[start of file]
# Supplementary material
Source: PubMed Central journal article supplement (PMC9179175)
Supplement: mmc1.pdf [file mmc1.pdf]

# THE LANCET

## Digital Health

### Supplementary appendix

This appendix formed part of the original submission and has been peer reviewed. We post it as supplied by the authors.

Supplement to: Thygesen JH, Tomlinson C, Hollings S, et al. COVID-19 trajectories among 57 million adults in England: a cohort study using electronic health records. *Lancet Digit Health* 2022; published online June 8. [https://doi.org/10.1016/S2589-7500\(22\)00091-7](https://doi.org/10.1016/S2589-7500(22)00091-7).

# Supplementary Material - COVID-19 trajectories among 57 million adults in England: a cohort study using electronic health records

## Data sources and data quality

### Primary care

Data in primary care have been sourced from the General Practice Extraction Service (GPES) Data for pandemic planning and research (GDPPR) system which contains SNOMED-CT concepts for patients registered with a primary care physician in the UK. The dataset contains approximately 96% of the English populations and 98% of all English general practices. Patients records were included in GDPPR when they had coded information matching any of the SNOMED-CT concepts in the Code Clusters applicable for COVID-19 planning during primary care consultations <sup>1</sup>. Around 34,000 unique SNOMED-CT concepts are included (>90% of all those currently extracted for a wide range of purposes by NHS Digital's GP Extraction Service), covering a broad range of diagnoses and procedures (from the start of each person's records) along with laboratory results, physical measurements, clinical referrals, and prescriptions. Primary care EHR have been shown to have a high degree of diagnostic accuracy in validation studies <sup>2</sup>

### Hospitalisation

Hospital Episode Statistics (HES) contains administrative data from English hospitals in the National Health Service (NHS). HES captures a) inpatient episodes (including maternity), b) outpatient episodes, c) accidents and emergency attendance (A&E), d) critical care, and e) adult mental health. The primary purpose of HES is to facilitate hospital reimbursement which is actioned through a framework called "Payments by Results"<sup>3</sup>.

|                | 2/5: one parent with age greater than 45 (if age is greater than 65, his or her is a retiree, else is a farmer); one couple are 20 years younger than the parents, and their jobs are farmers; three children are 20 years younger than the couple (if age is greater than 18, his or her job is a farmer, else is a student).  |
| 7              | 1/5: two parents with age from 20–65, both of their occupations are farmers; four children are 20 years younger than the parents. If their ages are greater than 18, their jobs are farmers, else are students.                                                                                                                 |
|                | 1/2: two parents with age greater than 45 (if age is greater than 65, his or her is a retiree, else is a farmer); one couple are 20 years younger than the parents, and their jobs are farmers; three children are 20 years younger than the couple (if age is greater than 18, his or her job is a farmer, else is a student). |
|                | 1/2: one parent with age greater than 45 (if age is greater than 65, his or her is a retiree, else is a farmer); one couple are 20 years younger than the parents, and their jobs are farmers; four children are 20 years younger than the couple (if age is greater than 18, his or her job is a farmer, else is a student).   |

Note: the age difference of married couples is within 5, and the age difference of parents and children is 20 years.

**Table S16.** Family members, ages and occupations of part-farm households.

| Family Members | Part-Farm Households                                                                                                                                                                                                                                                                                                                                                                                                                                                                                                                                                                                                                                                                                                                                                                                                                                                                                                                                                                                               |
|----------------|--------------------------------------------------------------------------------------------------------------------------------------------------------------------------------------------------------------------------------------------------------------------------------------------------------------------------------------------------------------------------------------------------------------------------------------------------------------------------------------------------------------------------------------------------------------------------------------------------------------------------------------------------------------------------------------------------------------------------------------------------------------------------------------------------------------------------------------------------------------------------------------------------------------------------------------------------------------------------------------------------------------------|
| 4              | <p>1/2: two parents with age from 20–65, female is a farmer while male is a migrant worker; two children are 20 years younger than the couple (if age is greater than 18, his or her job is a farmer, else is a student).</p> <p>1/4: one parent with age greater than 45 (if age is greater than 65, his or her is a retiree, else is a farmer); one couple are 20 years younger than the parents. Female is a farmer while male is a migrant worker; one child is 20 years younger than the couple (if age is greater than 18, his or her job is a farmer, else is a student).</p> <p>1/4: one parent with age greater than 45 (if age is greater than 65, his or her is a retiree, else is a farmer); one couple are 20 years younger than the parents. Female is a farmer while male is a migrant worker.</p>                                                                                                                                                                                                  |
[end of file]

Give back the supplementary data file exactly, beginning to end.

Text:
# Supplementary material
Source: PubMed Central journal article supplement (PMC9179175)
Supplement: mmc1.pdf [file mmc1.pdf]

# THE LANCET

## Digital Health

### Supplementary appendix

This appendix formed part of the original submission and has been peer reviewed. We post it as supplied by the authors.

Supplement to: Thygesen JH, Tomlinson C, Hollings S, et al. COVID-19 trajectories among 57 million adults in England: a cohort study using electronic health records. *Lancet Digit Health* 2022; published online June 8. [https://doi.org/10.1016/S2589-7500\(22\)00091-7](https://doi.org/10.1016/S2589-7500(22)00091-7).

# Supplementary Material - COVID-19 trajectories among 57 million adults in England: a cohort study using electronic health records

## Data sources and data quality

### Primary care

Data in primary care have been sourced from the General Practice Extraction Service (GPES) Data for pandemic planning and research (GDPPR) system which contains SNOMED-CT concepts for patients registered with a primary care physician in the UK. The dataset contains approximately 96% of the English populations and 98% of all English general practices. Patients records were included in GDPPR when they had coded information matching any of the SNOMED-CT concepts in the Code Clusters applicable for COVID-19 planning during primary care consultations <sup>1</sup>. Around 34,000 unique SNOMED-CT concepts are included (>90% of all those currently extracted for a wide range of purposes by NHS Digital's GP Extraction Service), covering a broad range of diagnoses and procedures (from the start of each person's records) along with laboratory results, physical measurements, clinical referrals, and prescriptions. Primary care EHR have been shown to have a high degree of diagnostic accuracy in validation studies <sup>2</sup>

### Hospitalisation

Hospital Episode Statistics (HES) contains administrative data from English hospitals in the National Health Service (NHS). HES captures a) inpatient episodes (including maternity), b) outpatient episodes, c) accidents and emergency attendance (A&E), d) critical care, and e) adult mental health. The primary purpose of HES is to facilitate hospital reimbursement which is actioned through a framework called "Payments by Results"<sup>3</sup>.

|                | 2/5: one parent with age greater than 45 (if age is greater than 65, his or her is a retiree, else is a farmer); one couple are 20 years younger than the parents, and their jobs are farmers; three children are 20 years younger than the couple (if age is greater than 18, his or her job is a farmer, else is a student).  |
| 7              | 1/5: two parents with age from 20–65, both of their occupations are farmers; four children are 20 years younger than the parents. If their ages are greater than 18, their jobs are farmers, else are students.                                                                                                                 |
|                | 1/2: two parents with age greater than 45 (if age is greater than 65, his or her is a retiree, else is a farmer); one couple are 20 years younger than the parents, and their jobs are farmers; three children are 20 years younger than the couple (if age is greater than 18, his or her job is a farmer, else is a student). |
|                | 1/2: one parent with age greater than 45 (if age is greater than 65, his or her is a retiree, else is a farmer); one couple are 20 years younger than the parents, and their jobs are farmers; four children are 20 years younger than the couple (if age is greater than 18, his or her job is a farmer, else is a student).   |

Note: the age difference of married couples is within 5, and the age difference of parents and children is 20 years.

**Table S16.** Family members, ages and occupations of part-farm households.

| Family Members | Part-Farm Households                                                                                                                                                                                                                                                                                                                                                                                                                                                                                                                                                                                                                                                                                                                                                                                                                                                                                                                                                                                               |
|----------------|--------------------------------------------------------------------------------------------------------------------------------------------------------------------------------------------------------------------------------------------------------------------------------------------------------------------------------------------------------------------------------------------------------------------------------------------------------------------------------------------------------------------------------------------------------------------------------------------------------------------------------------------------------------------------------------------------------------------------------------------------------------------------------------------------------------------------------------------------------------------------------------------------------------------------------------------------------------------------------------------------------------------|
| 4              | <p>1/2: two parents with age from 20–65, female is a farmer while male is a migrant worker; two children are 20 years younger than the couple (if age is greater than 18, his or her job is a farmer, else is a student).</p> <p>1/4: one parent with age greater than 45 (if age is greater than 65, his or her is a retiree, else is a farmer); one couple are 20 years younger than the parents. Female is a farmer while male is a migrant worker; one child is 20 years younger than the couple (if age is greater than 18, his or her job is a farmer, else is a student).</p> <p>1/4: one parent with age greater than 45 (if age is greater than 65, his or her is a retiree, else is a farmer); one couple are 20 years younger than the parents. Female is a farmer while male is a migrant worker.</p>                                                                                                                                                                                                  |